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Evacuating air from a closed volume develops a pressure differential between the volume and the surrounding atmosphere. If this closed volume is bound by the surface of a vacuum cup and a workpiece, atmospheric pressure will press the two objects together. The amount of holding force depends on the surface area shared by the two objects and the vacuum level. In an industrial vacuum system, a vacuum pump or generator removes air from a system to create a pressure differential.

Because it is virtually impossible to remove all the air molecules from a container, a perfect vacuum cannot be achieved. Of course, as more air is removed, the pressure differential increases, and the potential vacuum force becomes greater.

The vacuum level is determined by the pressure differential between the evacuated volume and the surrounding atmosphere. Several units of measure can be used. Most refer to the height of a column of mercury — usually inches of mercury (in.-Hg) or millimeters of mercury (mm-Hg). The common metric unit for vacuum measurement is the millibar, or mbar. Other pressure units sometimes used to express vacuum include the interrelated units of atmospheres, torr, and microns. One standard atmosphere equals 14.7 psi (29.92 in.-Hg). Any fraction of an atmosphere is a partial vacuum and equates with negative gauge pressure. A torr is defined as 1/760 of an atmosphere and can also be thought of as 1 mm-Hg, where 760 mm-Hg equals 29.92 in.-Hg. Even smaller is the micron, defined as 0.001 torr. However, these units are used most often when dealing with near-perfect vacuums, usually under laboratory conditions, and seldom in fluid power applications.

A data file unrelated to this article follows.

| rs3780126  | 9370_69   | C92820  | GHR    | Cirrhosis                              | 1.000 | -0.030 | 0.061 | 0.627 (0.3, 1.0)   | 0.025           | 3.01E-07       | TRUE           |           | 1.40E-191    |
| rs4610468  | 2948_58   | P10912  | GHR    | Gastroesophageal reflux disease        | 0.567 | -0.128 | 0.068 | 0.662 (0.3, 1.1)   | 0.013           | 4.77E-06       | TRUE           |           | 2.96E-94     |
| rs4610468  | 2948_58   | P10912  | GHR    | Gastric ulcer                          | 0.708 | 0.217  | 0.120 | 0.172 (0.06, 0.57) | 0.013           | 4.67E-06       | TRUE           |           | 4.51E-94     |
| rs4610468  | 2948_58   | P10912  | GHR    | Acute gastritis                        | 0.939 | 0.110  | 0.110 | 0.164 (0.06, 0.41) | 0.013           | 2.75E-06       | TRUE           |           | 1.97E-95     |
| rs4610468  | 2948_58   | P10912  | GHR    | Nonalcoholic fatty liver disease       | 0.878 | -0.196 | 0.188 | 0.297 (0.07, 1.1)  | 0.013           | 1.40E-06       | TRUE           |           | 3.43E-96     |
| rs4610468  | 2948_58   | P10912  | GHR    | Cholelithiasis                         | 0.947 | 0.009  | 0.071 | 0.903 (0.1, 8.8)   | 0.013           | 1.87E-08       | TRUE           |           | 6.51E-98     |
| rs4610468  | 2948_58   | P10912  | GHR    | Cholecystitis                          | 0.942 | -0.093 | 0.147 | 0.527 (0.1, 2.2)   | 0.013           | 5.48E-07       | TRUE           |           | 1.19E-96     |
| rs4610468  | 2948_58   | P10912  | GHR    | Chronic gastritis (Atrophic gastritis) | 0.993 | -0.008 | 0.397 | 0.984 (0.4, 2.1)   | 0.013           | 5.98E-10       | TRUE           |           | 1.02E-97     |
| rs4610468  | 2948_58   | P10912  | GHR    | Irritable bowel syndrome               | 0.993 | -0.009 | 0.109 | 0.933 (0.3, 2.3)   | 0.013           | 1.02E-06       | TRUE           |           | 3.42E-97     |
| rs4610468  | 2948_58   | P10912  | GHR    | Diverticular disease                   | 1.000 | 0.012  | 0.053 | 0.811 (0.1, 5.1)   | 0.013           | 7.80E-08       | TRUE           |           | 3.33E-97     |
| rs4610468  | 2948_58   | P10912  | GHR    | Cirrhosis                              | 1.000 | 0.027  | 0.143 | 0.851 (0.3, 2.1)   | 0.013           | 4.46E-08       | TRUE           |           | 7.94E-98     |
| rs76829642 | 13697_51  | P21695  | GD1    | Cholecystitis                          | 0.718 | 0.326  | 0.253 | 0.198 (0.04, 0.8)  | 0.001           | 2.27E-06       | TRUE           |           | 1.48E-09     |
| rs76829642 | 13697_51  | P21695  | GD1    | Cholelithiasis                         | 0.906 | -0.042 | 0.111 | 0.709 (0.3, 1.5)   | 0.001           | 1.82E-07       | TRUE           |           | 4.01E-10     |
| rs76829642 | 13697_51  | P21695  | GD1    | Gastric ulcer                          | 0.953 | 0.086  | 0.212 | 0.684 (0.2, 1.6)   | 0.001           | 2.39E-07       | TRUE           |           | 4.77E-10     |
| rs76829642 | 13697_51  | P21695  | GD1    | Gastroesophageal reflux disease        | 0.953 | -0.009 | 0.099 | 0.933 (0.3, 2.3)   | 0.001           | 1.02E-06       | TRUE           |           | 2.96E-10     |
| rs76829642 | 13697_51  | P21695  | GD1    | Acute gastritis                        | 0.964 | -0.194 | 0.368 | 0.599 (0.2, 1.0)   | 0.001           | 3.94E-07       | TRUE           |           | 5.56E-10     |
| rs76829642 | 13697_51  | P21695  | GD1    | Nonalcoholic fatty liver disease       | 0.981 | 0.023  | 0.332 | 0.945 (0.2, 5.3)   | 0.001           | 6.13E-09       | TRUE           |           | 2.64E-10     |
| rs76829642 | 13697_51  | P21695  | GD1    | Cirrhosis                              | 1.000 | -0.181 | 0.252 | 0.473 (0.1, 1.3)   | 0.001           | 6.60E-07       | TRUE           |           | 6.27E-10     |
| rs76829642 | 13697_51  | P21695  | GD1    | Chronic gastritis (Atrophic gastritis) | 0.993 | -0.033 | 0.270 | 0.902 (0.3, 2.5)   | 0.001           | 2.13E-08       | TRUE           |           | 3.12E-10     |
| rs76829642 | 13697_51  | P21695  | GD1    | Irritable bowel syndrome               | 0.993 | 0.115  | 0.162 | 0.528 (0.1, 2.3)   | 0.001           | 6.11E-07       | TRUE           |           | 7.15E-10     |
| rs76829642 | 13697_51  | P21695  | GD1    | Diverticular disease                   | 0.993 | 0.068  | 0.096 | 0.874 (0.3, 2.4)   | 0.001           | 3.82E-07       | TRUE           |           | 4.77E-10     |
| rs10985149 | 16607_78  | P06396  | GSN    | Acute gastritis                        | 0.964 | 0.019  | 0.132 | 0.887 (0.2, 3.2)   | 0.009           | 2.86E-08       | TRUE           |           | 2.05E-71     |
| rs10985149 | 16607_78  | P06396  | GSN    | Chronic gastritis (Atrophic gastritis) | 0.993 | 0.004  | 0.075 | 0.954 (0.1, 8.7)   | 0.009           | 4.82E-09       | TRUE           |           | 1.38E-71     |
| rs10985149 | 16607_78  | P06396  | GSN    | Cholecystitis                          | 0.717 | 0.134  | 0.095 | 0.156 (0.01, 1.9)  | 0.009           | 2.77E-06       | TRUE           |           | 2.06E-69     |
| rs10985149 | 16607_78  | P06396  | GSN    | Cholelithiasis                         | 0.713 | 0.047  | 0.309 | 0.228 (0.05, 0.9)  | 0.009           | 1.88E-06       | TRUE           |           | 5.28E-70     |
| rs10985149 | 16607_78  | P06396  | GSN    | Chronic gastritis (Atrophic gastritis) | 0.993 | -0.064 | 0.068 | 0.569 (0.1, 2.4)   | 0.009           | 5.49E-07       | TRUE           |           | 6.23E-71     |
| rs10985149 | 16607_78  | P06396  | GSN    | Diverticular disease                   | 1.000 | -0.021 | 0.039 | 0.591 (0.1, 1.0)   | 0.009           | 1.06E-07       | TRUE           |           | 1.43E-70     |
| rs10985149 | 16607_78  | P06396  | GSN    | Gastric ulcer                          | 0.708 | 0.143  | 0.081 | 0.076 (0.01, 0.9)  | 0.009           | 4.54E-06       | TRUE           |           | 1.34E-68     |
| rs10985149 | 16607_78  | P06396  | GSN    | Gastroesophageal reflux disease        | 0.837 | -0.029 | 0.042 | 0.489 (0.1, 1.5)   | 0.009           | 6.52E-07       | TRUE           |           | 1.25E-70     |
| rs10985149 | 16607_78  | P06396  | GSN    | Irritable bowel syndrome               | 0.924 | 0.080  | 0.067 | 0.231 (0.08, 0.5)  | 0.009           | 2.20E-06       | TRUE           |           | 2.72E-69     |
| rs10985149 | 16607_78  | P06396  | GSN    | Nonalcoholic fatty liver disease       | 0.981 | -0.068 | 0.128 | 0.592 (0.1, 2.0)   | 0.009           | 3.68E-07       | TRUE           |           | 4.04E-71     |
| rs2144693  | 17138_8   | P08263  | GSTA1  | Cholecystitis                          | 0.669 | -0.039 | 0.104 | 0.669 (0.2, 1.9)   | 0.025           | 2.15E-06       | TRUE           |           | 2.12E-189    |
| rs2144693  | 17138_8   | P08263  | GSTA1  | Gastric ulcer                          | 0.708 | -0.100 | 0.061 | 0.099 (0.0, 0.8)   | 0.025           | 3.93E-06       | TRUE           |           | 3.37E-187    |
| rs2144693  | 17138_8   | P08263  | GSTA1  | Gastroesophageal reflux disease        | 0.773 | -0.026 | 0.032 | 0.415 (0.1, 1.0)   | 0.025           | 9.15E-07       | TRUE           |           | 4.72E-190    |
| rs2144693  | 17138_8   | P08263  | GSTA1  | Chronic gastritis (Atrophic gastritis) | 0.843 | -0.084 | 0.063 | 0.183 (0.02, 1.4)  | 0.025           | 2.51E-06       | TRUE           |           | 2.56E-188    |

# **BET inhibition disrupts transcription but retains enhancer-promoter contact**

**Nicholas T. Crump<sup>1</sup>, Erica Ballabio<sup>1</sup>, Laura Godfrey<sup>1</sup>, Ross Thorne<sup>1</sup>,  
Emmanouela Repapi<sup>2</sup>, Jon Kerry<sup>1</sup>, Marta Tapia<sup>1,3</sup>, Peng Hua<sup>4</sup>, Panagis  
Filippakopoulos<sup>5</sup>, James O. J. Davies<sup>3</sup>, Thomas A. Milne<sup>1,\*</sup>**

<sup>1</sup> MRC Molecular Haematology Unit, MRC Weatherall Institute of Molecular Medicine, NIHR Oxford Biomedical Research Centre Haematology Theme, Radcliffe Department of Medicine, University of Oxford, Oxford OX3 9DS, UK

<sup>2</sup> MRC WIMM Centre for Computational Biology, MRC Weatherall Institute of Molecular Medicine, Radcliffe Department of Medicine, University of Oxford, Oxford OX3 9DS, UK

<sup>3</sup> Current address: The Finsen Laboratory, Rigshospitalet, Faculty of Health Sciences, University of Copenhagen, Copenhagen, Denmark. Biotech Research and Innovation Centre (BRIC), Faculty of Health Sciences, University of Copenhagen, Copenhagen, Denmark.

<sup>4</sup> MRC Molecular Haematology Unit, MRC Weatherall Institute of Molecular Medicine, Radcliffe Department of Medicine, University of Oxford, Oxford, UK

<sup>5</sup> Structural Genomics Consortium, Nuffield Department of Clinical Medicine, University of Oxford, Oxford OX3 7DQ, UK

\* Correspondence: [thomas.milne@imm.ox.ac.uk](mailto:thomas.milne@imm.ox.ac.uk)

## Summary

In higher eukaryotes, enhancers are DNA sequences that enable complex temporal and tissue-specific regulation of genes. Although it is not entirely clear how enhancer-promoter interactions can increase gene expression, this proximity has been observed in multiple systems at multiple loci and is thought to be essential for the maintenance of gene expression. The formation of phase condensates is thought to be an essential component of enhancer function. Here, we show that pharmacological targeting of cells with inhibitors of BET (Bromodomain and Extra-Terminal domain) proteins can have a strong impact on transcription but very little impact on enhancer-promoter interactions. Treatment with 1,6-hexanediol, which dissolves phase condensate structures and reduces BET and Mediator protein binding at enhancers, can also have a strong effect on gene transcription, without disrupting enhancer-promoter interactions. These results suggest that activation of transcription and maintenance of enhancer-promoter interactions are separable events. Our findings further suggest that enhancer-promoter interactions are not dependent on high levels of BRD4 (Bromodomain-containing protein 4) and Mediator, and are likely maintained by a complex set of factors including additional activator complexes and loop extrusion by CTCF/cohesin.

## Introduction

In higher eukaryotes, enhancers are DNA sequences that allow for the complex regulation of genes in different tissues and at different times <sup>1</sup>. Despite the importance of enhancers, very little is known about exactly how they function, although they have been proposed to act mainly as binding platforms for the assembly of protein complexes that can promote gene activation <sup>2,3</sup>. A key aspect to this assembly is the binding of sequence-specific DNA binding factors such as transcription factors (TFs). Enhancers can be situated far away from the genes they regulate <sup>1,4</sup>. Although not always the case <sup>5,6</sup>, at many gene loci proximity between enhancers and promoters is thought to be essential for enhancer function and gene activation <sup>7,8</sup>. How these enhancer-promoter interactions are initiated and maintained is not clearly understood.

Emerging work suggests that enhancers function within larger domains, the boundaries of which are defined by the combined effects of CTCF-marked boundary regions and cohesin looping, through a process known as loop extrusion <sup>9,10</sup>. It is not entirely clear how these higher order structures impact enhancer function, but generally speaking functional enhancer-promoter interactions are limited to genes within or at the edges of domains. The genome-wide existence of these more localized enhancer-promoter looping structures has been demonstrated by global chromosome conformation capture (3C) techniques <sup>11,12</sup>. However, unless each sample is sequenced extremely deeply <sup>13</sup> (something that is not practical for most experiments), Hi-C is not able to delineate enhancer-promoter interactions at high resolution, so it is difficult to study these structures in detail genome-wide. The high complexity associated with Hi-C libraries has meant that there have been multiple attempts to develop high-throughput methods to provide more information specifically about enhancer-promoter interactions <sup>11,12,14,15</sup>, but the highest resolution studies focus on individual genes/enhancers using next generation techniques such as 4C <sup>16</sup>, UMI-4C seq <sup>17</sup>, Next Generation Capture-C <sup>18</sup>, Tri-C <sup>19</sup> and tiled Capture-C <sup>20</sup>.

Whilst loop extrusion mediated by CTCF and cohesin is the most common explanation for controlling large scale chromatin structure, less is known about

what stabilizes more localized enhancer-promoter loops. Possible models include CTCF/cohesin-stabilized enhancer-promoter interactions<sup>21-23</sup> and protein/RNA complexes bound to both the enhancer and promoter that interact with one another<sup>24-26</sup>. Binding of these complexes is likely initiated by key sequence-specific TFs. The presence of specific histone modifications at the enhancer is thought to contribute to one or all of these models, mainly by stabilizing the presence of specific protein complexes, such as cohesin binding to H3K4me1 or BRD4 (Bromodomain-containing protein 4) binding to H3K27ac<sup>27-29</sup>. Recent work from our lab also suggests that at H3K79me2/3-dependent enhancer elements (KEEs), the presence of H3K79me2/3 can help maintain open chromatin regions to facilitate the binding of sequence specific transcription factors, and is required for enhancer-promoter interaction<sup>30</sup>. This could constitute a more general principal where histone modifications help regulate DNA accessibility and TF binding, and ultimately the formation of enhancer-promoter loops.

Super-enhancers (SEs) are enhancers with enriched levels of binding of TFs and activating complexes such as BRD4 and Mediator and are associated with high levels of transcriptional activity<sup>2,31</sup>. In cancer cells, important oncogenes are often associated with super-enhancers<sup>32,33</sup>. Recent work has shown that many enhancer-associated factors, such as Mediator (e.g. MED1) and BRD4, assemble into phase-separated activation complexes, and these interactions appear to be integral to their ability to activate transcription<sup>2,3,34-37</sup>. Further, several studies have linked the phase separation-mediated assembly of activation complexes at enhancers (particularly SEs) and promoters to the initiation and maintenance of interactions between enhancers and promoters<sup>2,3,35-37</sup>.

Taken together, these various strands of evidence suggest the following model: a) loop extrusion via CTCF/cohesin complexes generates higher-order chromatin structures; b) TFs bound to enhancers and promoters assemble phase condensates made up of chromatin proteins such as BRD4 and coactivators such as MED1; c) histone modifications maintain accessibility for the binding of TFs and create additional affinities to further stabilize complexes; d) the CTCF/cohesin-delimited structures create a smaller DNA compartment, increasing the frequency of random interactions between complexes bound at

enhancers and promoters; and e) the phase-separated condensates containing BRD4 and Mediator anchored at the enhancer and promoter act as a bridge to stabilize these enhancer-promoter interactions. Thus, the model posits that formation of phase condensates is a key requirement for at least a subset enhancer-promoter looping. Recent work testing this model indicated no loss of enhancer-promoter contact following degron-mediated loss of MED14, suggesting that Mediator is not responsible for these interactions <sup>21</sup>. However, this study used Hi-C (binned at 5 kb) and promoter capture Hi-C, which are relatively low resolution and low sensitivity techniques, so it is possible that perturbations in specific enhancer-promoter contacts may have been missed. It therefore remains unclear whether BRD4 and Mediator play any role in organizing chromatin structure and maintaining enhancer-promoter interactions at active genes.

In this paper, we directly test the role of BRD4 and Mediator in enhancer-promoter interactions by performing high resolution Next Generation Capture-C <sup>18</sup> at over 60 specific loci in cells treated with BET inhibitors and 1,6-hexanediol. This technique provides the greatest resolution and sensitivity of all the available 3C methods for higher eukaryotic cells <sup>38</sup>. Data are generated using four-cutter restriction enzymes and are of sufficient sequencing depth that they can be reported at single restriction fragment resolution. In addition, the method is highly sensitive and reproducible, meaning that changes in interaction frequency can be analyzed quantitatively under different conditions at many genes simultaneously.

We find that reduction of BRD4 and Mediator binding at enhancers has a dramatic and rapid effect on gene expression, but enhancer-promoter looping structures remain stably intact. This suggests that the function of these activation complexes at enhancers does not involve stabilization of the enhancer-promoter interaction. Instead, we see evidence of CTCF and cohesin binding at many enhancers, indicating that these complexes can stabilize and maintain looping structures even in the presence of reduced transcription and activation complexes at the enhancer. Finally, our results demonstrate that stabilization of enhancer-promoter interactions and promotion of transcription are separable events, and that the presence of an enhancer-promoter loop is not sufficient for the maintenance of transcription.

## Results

Atmospheric pressure is measured with a barometer. A barometer consists of an evacuated vertical tube with its top end closed and its bottom end resting in a container of mercury that is open to the atmosphere, Figure 1. The pressure exerted by the atmosphere acts on the exposed surface of the liquid to force mercury up into the tube. Sea level atmospheric pressure will support a mercury column generally not more than 29.92-in. high. Thus, the standard for atmospheric pressure at sea level is 29.92 in.-Hg, which translates to an absolute pressure of 14.69 psia.

The two basic reference points in all these measurements are standard atmospheric pressure and a perfect vacuum. At atmospheric pressure, the value 0 in.-Hg is equivalent to 14.7 psia. At the opposite reference point, 0 psia, — a perfect vacuum (if it could be attained) — would have a value equal to the other extreme of its range, 29.92 in.-Hg. However, calculating work forces or changes in volume in vacuum systems requires conversions to negative gauge pressure (psig) or absolute pressure (psia).

Atmospheric pressure is assigned the value of zero on the dials of most pressure gauges. Vacuum measurements must, therefore, be less than zero. Negative gage pressure generally is defined as the difference between a given system vacuum and atmospheric pressure.

Vacuum measurement

Several types of gauges measure vacuum level. A Bourdon tube-type gauge is compact and the most widely used device for monitoring vacuum system operation and performance. Measurement is based on the deformation of a curved elastic Bourdon tube when vacuum is applied to the gauge's port. With the proper linkage, compound Bourdon tube gauges indicate both vacuum and positive pressure.